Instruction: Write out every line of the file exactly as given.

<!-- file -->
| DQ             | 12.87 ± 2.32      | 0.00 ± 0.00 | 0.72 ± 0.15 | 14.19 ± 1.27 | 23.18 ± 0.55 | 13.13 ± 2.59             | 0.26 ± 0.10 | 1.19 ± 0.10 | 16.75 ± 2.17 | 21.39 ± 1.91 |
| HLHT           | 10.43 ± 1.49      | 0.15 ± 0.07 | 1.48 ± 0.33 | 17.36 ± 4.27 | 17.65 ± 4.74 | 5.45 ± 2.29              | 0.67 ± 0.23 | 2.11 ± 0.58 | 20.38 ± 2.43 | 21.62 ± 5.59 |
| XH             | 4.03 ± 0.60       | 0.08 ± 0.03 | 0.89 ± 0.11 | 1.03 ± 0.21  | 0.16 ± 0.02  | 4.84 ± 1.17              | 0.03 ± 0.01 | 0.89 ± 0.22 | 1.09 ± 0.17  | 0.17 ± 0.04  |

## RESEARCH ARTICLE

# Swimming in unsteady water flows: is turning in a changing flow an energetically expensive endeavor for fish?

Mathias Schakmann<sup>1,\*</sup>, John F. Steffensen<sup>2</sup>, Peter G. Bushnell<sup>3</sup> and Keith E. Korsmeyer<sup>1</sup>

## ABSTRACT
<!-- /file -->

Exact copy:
| DQ             | 12.87 ± 2.32      | 0.00 ± 0.00 | 0.72 ± 0.15 | 14.19 ± 1.27 | 23.18 ± 0.55 | 13.13 ± 2.59             | 0.26 ± 0.10 | 1.19 ± 0.10 | 16.75 ± 2.17 | 21.39 ± 1.91 |
| HLHT           | 10.43 ± 1.49      | 0.15 ± 0.07 | 1.48 ± 0.33 | 17.36 ± 4.27 | 17.65 ± 4.74 | 5.45 ± 2.29              | 0.67 ± 0.23 | 2.11 ± 0.58 | 20.38 ± 2.43 | 21.62 ± 5.59 |
| XH             | 4.03 ± 0.60       | 0.08 ± 0.03 | 0.89 ± 0.11 | 1.03 ± 0.21  | 0.16 ± 0.02  | 4.84 ± 1.17              | 0.03 ± 0.01 | 0.89 ± 0.22 | 1.09 ± 0.17  | 0.17 ± 0.04  |

## RESEARCH ARTICLE

# Swimming in unsteady water flows: is turning in a changing flow an energetically expensive endeavor for fish?

Mathias Schakmann<sup>1,\*</sup>, John F. Steffensen<sup>2</sup>, Peter G. Bushnell<sup>3</sup> and Keith E. Korsmeyer<sup>1</sup>

## ABSTRACT